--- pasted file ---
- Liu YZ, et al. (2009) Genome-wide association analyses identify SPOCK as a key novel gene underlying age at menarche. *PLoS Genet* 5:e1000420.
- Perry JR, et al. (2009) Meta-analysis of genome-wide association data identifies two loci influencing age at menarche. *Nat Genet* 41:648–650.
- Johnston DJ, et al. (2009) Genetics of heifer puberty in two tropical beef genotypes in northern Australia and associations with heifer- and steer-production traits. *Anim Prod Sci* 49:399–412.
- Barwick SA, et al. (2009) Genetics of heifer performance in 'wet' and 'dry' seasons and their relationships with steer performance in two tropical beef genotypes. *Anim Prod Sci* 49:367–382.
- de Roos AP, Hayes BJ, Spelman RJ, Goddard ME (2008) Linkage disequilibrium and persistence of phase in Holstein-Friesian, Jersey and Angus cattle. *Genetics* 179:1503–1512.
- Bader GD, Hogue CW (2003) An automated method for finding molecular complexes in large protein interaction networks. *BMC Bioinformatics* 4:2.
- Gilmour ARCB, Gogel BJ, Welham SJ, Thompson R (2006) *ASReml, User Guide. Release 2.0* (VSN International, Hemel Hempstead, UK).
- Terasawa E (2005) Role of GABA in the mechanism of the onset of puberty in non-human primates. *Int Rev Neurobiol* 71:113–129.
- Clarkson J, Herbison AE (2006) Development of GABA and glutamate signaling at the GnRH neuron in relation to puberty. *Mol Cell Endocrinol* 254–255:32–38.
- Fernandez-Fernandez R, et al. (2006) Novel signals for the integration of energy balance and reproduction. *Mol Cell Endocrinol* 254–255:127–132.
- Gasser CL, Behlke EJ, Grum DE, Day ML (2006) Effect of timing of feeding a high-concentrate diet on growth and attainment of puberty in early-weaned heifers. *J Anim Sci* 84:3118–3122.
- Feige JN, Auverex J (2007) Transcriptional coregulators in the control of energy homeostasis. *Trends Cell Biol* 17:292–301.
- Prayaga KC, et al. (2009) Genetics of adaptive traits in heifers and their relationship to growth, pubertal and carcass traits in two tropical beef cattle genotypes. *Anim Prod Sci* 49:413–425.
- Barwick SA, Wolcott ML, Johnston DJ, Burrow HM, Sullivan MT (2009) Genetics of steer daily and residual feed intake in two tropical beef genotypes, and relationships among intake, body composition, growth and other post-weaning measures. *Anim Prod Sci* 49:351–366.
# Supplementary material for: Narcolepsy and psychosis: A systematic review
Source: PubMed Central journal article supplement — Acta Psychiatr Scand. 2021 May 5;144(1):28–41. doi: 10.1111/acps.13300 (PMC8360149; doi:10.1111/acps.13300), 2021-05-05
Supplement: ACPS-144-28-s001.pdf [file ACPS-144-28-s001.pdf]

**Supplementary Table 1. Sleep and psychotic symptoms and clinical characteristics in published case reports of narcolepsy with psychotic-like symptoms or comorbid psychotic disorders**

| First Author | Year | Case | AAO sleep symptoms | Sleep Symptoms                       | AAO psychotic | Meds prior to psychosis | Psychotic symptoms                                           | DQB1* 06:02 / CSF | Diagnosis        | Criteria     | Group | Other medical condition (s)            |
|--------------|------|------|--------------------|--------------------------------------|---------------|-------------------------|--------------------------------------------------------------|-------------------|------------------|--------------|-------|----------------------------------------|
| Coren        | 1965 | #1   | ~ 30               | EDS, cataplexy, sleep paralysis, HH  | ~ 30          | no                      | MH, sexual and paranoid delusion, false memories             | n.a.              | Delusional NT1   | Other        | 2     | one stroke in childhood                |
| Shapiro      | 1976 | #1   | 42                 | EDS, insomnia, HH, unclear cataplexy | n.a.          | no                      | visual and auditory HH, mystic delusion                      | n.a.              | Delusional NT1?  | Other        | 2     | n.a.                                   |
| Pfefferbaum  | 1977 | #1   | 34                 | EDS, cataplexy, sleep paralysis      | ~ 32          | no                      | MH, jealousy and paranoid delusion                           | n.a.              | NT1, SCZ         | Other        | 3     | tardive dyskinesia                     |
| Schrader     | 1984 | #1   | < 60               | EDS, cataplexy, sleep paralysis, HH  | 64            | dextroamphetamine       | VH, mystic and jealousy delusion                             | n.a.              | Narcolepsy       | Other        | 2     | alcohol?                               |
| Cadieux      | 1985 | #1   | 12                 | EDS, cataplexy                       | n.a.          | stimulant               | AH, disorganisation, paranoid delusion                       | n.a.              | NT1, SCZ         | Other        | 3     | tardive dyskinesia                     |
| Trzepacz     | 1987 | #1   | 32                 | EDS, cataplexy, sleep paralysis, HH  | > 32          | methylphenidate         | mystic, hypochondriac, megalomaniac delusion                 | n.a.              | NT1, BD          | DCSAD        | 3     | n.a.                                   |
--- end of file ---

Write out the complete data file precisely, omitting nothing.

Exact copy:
- Liu YZ, et al. (2009) Genome-wide association analyses identify SPOCK as a key novel gene underlying age at menarche. *PLoS Genet* 5:e1000420.
- Perry JR, et al. (2009) Meta-analysis of genome-wide association data identifies two loci influencing age at menarche. *Nat Genet* 41:648–650.
- Johnston DJ, et al. (2009) Genetics of heifer puberty in two tropical beef genotypes in northern Australia and associations with heifer- and steer-production traits. *Anim Prod Sci* 49:399–412.
- Barwick SA, et al. (2009) Genetics of heifer performance in 'wet' and 'dry' seasons and their relationships with steer performance in two tropical beef genotypes. *Anim Prod Sci* 49:367–382.
- de Roos AP, Hayes BJ, Spelman RJ, Goddard ME (2008) Linkage disequilibrium and persistence of phase in Holstein-Friesian, Jersey and Angus cattle. *Genetics* 179:1503–1512.
- Bader GD, Hogue CW (2003) An automated method for finding molecular complexes in large protein interaction networks. *BMC Bioinformatics* 4:2.
- Gilmour ARCB, Gogel BJ, Welham SJ, Thompson R (2006) *ASReml, User Guide. Release 2.0* (VSN International, Hemel Hempstead, UK).
- Terasawa E (2005) Role of GABA in the mechanism of the onset of puberty in non-human primates. *Int Rev Neurobiol* 71:113–129.
- Clarkson J, Herbison AE (2006) Development of GABA and glutamate signaling at the GnRH neuron in relation to puberty. *Mol Cell Endocrinol* 254–255:32–38.
- Fernandez-Fernandez R, et al. (2006) Novel signals for the integration of energy balance and reproduction. *Mol Cell Endocrinol* 254–255:127–132.
- Gasser CL, Behlke EJ, Grum DE, Day ML (2006) Effect of timing of feeding a high-concentrate diet on growth and attainment of puberty in early-weaned heifers. *J Anim Sci* 84:3118–3122.
- Feige JN, Auverex J (2007) Transcriptional coregulators in the control of energy homeostasis. *Trends Cell Biol* 17:292–301.
- Prayaga KC, et al. (2009) Genetics of adaptive traits in heifers and their relationship to growth, pubertal and carcass traits in two tropical beef cattle genotypes. *Anim Prod Sci* 49:413–425.
- Barwick SA, Wolcott ML, Johnston DJ, Burrow HM, Sullivan MT (2009) Genetics of steer daily and residual feed intake in two tropical beef genotypes, and relationships among intake, body composition, growth and other post-weaning measures. *Anim Prod Sci* 49:351–366.
# Supplementary material for: Narcolepsy and psychosis: A systematic review
Source: PubMed Central journal article supplement — Acta Psychiatr Scand. 2021 May 5;144(1):28–41. doi: 10.1111/acps.13300 (PMC8360149; doi:10.1111/acps.13300), 2021-05-05
Supplement: ACPS-144-28-s001.pdf [file ACPS-144-28-s001.pdf]

**Supplementary Table 1. Sleep and psychotic symptoms and clinical characteristics in published case reports of narcolepsy with psychotic-like symptoms or comorbid psychotic disorders**

| First Author | Year | Case | AAO sleep symptoms | Sleep Symptoms                       | AAO psychotic | Meds prior to psychosis | Psychotic symptoms                                           | DQB1* 06:02 / CSF | Diagnosis        | Criteria     | Group | Other medical condition (s)            |
|--------------|------|------|--------------------|--------------------------------------|---------------|-------------------------|--------------------------------------------------------------|-------------------|------------------|--------------|-------|----------------------------------------|
| Coren        | 1965 | #1   | ~ 30               | EDS, cataplexy, sleep paralysis, HH  | ~ 30          | no                      | MH, sexual and paranoid delusion, false memories             | n.a.              | Delusional NT1   | Other        | 2     | one stroke in childhood                |
| Shapiro      | 1976 | #1   | 42                 | EDS, insomnia, HH, unclear cataplexy | n.a.          | no                      | visual and auditory HH, mystic delusion                      | n.a.              | Delusional NT1?  | Other        | 2     | n.a.                                   |
| Pfefferbaum  | 1977 | #1   | 34                 | EDS, cataplexy, sleep paralysis      | ~ 32          | no                      | MH, jealousy and paranoid delusion                           | n.a.              | NT1, SCZ         | Other        | 3     | tardive dyskinesia                     |
| Schrader     | 1984 | #1   | < 60               | EDS, cataplexy, sleep paralysis, HH  | 64            | dextroamphetamine       | VH, mystic and jealousy delusion                             | n.a.              | Narcolepsy       | Other        | 2     | alcohol?                               |
| Cadieux      | 1985 | #1   | 12                 | EDS, cataplexy                       | n.a.          | stimulant               | AH, disorganisation, paranoid delusion                       | n.a.              | NT1, SCZ         | Other        | 3     | tardive dyskinesia                     |
| Trzepacz     | 1987 | #1   | 32                 | EDS, cataplexy, sleep paralysis, HH  | > 32          | methylphenidate         | mystic, hypochondriac, megalomaniac delusion                 | n.a.              | NT1, BD          | DCSAD        | 3     | n.a.                                   |